• Opportunity to repent of our greed, materialism and consumerism.  Many people are having to cut back on their spending and realizing much of it was superfluous and luxury rather than necessity.  Many Americans live beyond their means- as evidenced by the average consumer debt.  It is time for that to change.  Our priorites can be reshaped, refocused by the gospel in times like these.  Good financial management programs can be utilized to instruct those in and outside of the church.
  • Opportunities to reveal the greater hope we have in Christ.  Yes, this can be a time of effective evangelism as people realize they have built their house on sand instead of rock. 

So while times like these are hard, they are also opportunities for ministry.  Churches driven by the gospel will recognize this, and go for it.  Churches driven by other agendas will … be overcome and possibly close their doors.  It is in times like these when we need to trust Him who holds the present and the future, and remember that He tends to work most profoundly when it seems darkest.

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Never trust those early morning thoughts, but I had one this morning.  I wonder how many of the churches that rejected my application are still searching for a pastor.

So, I characterized them, as best I could, according to how long they have been without a pastor.

1 year or less: 6

1-2 years: 4

2+ years: 1

So, 5 churches think it’s better to not have a pastor than to have me (and the other 50 applicants) as their pastor.  Interesting.

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I’ve talked to plenty of Pastoral Search Committees and members.  They quickly weary of listening to sermons and poring over 50+ applications, resumes and data forms hoping to find the right guy.  Yes, God is in control- but that doesn’t mean He doesn’t give us over to our own foolishness at times (see Romans 1:21ff).

Short of having bishops or Presbytery moderators appointing pastors to churches, there has to be a better way.  Right?

Bing Davis founded the Auxilium Network to help out PCA and other Reformed churches search for pastors more effectively and efficiently.

How Does Auxilium Help a Church?

1.    You can substantially cut your search time, when appropriate, while at the same time accessing a wide variety of candidates.  This allows you to not lose ministry momentum, and brings the new pastor in a timely manner.
2.    Since we come to work on-site with each church and committee, you and AuxNet come to know and respect one another.  This allows for a comfortable working relationship in which you feel like you have a professional guiding you and remaining available to you during the entire process.
3.    We take on all of the technical and subjective parts of the search process on your behalf.  This allows your committee to act as representatives of your church, while AuxNet does all the day to-day work involved in completing the process.
4.    We provide you with complete reports on final candidates, so that the search committee has only to get to know each final candidate, visit them and/or invite them to the church for evaluation, and then make a recommendation and ask the congregation to vote.
What is the process?
1.    We work directly and on-site with each search committee, helping you formulate and follow a process to find the right candidate for the job.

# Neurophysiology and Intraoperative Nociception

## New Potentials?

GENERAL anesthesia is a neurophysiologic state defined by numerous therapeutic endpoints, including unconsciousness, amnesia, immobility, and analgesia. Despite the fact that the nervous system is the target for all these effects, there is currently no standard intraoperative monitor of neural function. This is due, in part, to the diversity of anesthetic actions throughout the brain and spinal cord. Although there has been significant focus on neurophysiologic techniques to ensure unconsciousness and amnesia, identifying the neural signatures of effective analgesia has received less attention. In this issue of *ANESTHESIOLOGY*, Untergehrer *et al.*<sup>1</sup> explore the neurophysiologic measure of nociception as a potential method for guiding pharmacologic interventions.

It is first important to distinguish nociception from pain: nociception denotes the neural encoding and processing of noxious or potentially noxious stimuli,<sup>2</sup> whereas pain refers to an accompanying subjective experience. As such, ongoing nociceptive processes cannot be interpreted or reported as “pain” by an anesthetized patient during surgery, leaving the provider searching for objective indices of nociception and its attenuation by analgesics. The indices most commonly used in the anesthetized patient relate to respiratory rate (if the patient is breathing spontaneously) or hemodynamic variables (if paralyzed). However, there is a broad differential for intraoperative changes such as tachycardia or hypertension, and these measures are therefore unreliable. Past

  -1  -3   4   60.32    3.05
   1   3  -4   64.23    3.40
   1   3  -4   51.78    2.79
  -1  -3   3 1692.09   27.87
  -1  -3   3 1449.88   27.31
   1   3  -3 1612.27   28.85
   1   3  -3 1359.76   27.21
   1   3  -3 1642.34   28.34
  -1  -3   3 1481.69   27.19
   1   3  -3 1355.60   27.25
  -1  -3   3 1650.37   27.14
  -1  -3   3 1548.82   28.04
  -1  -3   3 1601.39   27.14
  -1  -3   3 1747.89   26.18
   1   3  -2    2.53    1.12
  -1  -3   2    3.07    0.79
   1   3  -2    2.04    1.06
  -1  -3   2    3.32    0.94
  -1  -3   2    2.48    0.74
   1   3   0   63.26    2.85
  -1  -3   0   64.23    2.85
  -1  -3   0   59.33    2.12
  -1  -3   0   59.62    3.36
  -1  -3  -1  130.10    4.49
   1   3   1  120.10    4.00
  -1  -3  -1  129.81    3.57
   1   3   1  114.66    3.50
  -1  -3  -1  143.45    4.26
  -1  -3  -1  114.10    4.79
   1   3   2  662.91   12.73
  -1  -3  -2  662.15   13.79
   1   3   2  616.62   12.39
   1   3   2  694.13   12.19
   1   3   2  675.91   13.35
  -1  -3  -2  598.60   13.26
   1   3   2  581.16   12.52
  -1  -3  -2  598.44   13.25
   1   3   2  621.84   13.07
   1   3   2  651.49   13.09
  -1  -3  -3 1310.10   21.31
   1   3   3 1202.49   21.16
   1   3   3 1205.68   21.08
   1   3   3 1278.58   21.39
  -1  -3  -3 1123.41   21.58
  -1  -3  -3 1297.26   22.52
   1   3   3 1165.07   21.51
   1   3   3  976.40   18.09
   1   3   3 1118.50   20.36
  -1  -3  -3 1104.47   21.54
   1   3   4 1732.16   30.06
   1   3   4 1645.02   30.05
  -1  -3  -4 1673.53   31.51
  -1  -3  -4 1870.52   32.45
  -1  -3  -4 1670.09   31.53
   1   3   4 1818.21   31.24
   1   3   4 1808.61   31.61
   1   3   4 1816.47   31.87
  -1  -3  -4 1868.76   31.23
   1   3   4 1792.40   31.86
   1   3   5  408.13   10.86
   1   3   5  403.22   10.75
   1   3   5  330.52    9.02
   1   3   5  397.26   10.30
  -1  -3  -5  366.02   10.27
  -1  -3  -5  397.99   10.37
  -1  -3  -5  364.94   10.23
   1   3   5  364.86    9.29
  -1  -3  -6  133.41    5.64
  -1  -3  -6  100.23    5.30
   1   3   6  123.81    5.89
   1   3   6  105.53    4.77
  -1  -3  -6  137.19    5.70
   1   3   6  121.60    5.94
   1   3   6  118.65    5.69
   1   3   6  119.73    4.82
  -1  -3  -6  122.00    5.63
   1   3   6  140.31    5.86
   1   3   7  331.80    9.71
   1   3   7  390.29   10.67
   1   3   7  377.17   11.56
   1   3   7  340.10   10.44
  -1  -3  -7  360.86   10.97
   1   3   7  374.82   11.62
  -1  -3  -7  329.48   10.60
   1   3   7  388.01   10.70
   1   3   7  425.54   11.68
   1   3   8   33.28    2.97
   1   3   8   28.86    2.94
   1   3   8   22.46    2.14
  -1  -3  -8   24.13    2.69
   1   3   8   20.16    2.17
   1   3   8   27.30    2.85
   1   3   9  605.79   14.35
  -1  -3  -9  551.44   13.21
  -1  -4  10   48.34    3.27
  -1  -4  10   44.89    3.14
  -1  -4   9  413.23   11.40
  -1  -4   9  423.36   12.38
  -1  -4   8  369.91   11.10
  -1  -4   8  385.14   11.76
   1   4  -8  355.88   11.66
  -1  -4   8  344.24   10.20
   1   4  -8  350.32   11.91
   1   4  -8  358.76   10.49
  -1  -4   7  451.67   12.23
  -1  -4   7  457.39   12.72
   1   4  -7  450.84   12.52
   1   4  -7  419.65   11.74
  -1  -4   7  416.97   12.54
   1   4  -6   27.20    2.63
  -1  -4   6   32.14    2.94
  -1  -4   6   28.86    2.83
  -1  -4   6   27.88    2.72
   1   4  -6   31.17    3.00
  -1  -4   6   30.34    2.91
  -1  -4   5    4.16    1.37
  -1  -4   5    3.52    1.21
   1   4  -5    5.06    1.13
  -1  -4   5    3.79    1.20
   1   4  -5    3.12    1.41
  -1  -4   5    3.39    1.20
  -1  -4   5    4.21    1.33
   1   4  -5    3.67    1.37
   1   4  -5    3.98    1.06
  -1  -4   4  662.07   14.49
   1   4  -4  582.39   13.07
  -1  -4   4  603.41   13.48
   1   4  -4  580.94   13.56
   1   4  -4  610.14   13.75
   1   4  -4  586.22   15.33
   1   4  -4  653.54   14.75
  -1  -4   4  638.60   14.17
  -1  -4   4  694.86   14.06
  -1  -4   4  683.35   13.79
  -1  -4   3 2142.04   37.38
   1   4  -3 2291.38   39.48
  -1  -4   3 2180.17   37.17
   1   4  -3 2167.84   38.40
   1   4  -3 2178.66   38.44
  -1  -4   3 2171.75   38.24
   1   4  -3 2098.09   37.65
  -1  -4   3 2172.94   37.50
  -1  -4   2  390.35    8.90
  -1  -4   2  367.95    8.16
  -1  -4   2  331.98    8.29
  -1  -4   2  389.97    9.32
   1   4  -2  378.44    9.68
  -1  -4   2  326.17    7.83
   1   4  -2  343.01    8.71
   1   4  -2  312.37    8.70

2.    We work directly with you in determining a candidate profile for the pastoral opening.
3.    Once the candidate profile has been completed, we will help you post your job opening in various places.  Potential candidates will then submit their profile materials directly to us.
4.    After an established posting period, we will begin to go through all submitted materials to assess which represent the right candidates for the job.  AuxNet Executive Director Bing Davis, himself a PCA Teaching Elder, will interview each candidate several times.
5.    Each potential candidate will go through a rigorous background check, including criminal history and credit check, all references will be called and standardized questions asked, others will be sought out who can attest to the candidate’s strengths and weaknesses, and each candidate will be given a Myers Briggs Type Inventory. At the end of the process, we will recommend the top 2 candidates for the job; the church can then pursue its prerogative of choosing its pastor.

 It can be tough to trust others, but right now most churches ask laypeople with limited time to spend enormous amounts of time, and little to no experience, on a very important task.  A good consultant knows what questions to ask both the committee and the applicant to discover a good fit.

About the only thing I might add to their process is Dr. Douglass’ Church Personality Diagnostic.  His book is What is Your Church’s Personality?, and a few committees I’ve talked to are using it (here are some sample pages).  I was the wrong guy for a church for 9 years.  Real and meaningful ministry took place, but my gifting and emphasis was very different from theirs which increased the resistance at key points in my ministry.  There are other ways of looking at this.  But CavWife thinks the Church Personality Diagnostic results described me very well.

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Steve Brown interviews Dan Allender on leadership and his book Leading with a Limp.  Here are some snippets to pique your interest.

“There is a lack of truth in all of us.”

He discusses how the double life created by posturing acts like an acid that destroys faith.  That lack of truth leads us to deny the difficulty of our crises, betrayals etc.  We pretend we have it all together, largely because we give people too much power over us.

“I’m honest, but only about what I want to share. … Honesty is part of the grace of the hound of heaven, …”

“I got to a point (in reading leadership books) … there were a lot of glorious trees cut down unnecessarily for alot of leadership stuff.”

“The gospel is about good sex.  The gospel is about good drinking.  The gospel is about what you smoke and how well you smoke it.  So the question ultimately becomes how do the pleasures that God have given us in the world, how do we bring to him our pleasures as we engage his pleasure. … It changes how we live it and offer it to others.”